We often hear that the acoustic process could not record certain frequencies but this is not the case, they are there, but both a little messed up and then masked by a lot of noise - a purely mechanical recording process must pick the sound up but as when looking through an ancient window pane the light and image transmitted through the glass is all a bit distorted even though we find it difficult to work out what we are seeing light and image are transmitted through the glass. 

This whole exercise would not be very commercial enterprise but then as I am looking to understand, enjoy and evaluate a performance, in this case one which is over 100 years old, I'd rather hear a 'warts and all' sound than iron out all the imperfections in the recording process and therefore kill the performance in the process of restoration.

Apart from the re-balancing of the recording only de-click, de-crackle and the removal of  the more severe rumble below 100Hz or so has been applied.

As you may think this is all guff, any comments or suggestion are gratefully receive!

Well if you have got this far down the page I have added the Arthur Catterall (1883-1943) and William Murdoch version issued on the same catalogue numbers for August 1923. Still an acoustic recording but better in some ways although by this time the process of making records with a quieter shellac, and the recording equipment much modified and generally improved. The position of the two players however seems very much the same and if anything the piano has now been moved even further away.

Violin Sonata No.9 in A major, Op.47 (Kreutzer) : abridged
Albert Catterall, violin & William Murdoch, piano

I. Adagio sostenuto (A major) - Presto (A minor)   II. Andante con variazioni (F major) 
 III. Finale. Presto (A major)

Columbia L1210 & L1211
[Matrix :AX71-1, AX72-1, AX73-1, & AX74-1]
Recorded Thursday, 7th June, 1923
(If you are not familiar with FLAC I can recommend Foobar2000 player)

The work can also be streamed as mp3 @ 192 kbps

Tuesday 28 March 2017

A Musical Couple

The cellist William Pleeth is probably best remembered for his association with Edmund Rubbra and as a teacher to Jacqueline du Pré. Alas his wife, the pianist Margaret Good, is maybe less well known and probably hardly remembered at all. 

From the late 1930's to the early 1970's the couple were to some extent fairly regular contributors to BBC programmes and also to concert life around Britain. Their main commercial recorded output was chiefly restricted to the early 1940's, together with the odd work doted about the following decades. A certain snobbishness for musicians with foreign, rather than British sounding names, is alluded to in Margaret Campbell's The Great Cellist, Gollancz, 1988. I wonder if this is the case for all performers who can only find  proper acknowledgement in foreign fields?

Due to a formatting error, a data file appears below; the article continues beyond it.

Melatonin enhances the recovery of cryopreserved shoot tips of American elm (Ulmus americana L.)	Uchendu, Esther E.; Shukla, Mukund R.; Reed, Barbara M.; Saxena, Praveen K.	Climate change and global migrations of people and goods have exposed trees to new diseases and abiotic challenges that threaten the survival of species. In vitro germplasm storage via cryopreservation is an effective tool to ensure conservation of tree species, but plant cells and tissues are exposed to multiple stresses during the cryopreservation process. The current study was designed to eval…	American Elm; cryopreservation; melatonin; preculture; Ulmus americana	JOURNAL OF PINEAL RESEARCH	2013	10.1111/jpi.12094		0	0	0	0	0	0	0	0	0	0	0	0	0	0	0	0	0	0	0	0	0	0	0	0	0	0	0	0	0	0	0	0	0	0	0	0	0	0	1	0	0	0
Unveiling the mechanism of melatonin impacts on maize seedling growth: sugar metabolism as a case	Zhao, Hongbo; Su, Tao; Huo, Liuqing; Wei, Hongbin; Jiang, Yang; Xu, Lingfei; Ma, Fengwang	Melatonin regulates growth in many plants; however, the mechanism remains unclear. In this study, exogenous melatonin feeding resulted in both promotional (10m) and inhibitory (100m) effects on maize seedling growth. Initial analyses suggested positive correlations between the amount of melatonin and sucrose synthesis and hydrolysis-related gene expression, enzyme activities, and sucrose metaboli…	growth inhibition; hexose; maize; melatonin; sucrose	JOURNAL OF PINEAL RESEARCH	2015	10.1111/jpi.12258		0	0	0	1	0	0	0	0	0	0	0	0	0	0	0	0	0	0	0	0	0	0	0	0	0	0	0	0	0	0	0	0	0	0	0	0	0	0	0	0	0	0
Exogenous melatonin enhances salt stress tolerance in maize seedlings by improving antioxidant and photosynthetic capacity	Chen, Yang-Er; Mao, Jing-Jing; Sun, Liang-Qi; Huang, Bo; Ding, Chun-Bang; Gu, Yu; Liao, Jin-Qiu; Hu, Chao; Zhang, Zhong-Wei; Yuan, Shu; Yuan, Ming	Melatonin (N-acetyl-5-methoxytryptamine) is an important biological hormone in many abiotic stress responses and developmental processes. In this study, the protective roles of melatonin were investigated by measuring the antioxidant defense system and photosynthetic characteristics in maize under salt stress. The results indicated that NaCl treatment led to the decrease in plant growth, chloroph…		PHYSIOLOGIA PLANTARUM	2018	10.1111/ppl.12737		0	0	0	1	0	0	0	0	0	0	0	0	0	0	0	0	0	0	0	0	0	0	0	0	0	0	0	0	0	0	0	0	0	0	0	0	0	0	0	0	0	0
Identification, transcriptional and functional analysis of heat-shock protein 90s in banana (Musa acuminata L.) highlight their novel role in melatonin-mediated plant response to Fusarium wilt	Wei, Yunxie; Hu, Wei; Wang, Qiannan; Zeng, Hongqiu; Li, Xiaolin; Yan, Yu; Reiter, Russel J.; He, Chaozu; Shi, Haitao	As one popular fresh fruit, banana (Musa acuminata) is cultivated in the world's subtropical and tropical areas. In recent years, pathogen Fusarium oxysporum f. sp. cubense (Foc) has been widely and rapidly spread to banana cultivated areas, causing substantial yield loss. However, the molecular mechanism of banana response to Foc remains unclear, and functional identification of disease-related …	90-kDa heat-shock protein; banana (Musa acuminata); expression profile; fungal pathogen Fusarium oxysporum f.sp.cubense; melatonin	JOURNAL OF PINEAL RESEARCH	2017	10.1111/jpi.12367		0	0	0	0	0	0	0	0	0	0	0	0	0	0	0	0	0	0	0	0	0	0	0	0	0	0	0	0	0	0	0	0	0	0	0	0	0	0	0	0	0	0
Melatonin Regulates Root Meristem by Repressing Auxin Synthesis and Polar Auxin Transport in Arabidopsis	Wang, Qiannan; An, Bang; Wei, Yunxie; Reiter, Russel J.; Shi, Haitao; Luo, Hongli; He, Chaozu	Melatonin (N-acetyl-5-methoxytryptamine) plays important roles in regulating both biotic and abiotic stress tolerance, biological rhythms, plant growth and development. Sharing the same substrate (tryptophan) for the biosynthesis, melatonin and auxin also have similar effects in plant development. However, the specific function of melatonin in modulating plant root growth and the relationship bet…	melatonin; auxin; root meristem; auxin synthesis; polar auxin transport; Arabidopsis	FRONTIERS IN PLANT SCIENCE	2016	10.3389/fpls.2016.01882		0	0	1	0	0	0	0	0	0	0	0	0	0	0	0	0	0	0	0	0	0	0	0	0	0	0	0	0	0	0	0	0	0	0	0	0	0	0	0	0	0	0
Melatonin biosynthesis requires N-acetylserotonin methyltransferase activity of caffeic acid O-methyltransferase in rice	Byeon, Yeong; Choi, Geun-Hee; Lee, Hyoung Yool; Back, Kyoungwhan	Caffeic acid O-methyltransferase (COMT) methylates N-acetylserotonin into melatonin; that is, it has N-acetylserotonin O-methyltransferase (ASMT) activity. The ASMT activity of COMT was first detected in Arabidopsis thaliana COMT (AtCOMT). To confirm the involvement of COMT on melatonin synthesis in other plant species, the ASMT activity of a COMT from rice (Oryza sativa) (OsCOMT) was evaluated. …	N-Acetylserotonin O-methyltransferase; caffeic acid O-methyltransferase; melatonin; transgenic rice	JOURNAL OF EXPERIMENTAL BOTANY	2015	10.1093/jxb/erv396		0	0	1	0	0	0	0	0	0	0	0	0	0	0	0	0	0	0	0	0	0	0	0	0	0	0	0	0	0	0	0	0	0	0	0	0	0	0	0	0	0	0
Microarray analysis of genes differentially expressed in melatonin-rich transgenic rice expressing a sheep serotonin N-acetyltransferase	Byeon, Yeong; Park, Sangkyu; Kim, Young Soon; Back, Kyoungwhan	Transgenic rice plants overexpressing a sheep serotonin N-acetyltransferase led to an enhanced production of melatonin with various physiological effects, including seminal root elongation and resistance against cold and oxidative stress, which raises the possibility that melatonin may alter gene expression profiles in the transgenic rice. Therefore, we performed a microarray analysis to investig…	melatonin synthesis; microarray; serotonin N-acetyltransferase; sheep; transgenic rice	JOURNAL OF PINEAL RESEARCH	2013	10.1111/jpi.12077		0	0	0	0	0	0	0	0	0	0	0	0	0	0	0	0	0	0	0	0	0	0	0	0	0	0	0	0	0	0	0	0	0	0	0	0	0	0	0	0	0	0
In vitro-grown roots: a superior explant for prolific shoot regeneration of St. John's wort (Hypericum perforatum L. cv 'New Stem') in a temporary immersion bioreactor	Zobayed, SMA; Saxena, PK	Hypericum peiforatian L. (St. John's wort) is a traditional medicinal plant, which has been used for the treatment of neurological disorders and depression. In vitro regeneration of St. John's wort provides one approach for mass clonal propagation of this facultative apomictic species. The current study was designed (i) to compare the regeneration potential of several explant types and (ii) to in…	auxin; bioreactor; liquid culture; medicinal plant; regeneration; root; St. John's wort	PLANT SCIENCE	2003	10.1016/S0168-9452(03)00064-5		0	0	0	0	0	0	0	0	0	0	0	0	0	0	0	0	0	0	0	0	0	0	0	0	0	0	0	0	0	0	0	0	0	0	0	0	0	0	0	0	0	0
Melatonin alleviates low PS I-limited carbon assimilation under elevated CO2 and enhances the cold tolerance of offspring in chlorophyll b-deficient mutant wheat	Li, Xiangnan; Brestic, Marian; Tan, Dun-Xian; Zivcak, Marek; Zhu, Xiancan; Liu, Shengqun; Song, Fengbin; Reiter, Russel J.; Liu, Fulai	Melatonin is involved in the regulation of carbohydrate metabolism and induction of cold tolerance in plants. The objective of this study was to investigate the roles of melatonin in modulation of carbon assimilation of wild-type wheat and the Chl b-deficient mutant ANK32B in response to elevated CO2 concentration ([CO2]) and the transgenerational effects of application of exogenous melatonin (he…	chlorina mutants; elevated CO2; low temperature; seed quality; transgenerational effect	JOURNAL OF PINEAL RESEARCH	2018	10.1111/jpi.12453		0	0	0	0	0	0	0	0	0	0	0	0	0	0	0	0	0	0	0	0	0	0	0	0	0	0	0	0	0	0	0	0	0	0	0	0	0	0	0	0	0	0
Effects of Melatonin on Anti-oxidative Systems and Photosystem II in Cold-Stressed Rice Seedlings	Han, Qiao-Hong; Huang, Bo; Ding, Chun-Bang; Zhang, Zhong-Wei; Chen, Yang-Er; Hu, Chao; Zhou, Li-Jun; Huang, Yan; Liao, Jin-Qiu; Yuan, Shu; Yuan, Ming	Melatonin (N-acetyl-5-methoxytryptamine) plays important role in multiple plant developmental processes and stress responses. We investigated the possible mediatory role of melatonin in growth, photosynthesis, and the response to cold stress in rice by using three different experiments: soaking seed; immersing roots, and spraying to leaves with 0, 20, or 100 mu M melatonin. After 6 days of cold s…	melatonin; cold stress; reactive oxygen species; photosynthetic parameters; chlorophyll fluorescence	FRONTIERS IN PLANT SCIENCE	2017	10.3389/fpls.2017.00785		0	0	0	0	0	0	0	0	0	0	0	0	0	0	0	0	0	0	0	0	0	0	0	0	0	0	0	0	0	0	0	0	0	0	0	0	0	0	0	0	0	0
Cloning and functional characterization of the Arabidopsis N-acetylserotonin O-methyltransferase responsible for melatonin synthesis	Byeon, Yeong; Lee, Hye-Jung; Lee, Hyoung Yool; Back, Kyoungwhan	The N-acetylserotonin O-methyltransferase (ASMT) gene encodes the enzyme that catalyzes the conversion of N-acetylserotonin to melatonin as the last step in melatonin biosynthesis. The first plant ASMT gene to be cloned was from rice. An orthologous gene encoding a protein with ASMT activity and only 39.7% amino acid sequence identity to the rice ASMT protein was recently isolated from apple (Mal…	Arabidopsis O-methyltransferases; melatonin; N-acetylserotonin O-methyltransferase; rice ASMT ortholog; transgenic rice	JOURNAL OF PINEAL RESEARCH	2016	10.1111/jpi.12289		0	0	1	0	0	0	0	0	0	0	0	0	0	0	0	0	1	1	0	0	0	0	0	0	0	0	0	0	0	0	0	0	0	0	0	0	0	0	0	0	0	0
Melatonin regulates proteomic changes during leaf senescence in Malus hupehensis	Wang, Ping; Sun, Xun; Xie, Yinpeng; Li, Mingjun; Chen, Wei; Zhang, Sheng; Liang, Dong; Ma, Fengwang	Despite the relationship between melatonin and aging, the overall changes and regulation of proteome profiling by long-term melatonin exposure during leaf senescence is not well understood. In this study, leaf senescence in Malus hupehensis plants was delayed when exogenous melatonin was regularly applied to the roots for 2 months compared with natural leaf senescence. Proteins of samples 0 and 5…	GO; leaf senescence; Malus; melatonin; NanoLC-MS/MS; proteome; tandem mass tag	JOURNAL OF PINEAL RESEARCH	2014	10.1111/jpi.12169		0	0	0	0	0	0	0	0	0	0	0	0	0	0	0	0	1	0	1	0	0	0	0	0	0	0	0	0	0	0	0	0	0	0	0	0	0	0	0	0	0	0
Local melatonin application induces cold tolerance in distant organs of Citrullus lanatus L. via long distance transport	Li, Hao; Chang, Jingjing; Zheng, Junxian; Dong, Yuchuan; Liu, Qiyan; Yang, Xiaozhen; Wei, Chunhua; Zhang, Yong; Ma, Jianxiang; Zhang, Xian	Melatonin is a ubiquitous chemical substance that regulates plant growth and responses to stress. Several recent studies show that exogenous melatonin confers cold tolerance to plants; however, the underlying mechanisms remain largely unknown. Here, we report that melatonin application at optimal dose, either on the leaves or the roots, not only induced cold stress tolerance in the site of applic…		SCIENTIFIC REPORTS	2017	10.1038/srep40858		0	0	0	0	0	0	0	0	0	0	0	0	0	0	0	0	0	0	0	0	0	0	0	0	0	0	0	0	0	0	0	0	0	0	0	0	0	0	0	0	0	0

William Pleeth, cello & Margaret Good, piano
London, West Hampstead - Tuesday, 27th May 1941

Grieg: Cello Sonata in A minor, Op. 36
I. Allegro agitato : II. Andante molto tranquillo : III. Allegro molto e marcato

Decca K1048-K1051
[AR5429-5,  AR5430-5,  AR5431-4,  AR5432-4, 
AR5441-4, AR5442-4 & AR5443-5]

Lyric Pieces, Op.38 No.1 - Berceuse 
arr. by Joachim Stutschewsky & Isco Thaler

Decca K1051

(If you are not familiar with FLAC I can recommend Foobar2000 player)
Both pieces can also be streamed as mp3 @ 192 kbps below each label

All other Decca recording issued by these two fine artists can be listened to and/or downloaded from CHARM through this link.

The Recording

I think [something I do need to check!] that takes -1, -2 and -3 were recorded in March 5th, 7th & 10th. All of these takes failed to be passed as satisfactory so another session took place on the 27th May. This session produced two takes of each side, -4 and -5, and it is from this session that sides for the published set were chosen.

In all probability the work was recorded in the smaller No. 2 studio in the basement of Decca's West Hampstead building. This  studio was pressed into uses that it was not intended for during the war, and it may account for the sound we hear. Tension was maybe a bit high on the 27th of May, as a couple of weeks earlier, on the night of the 10th & 11th May 1941, London had endured it's worst bomb damage of the war. The quality for the recording is trifle close miked with not much reverberation, some forte passages are also bit full on, a combination that does not really help the piano tone much. The shellac of my copy is abominable and the condition is not to great either, still, being enthusiasts, we are not too concerned with these trifling distractions. The original recording wavers around 79-80 rpm to produce A at 440Hz [see my footnote on this].

The Performers

Decca publicity, February 1942

Margarate Good was a very interesting pianist, she studied under the great Tobias Matthay and then evolved her own style with the incorporation of the Leschetizky 'method' - I'm not quite sure what that really means, except the playing is both very fluid, exciting, almost a hard driven sound, that still retains a very musical view of the composition without being simply technically brilliant.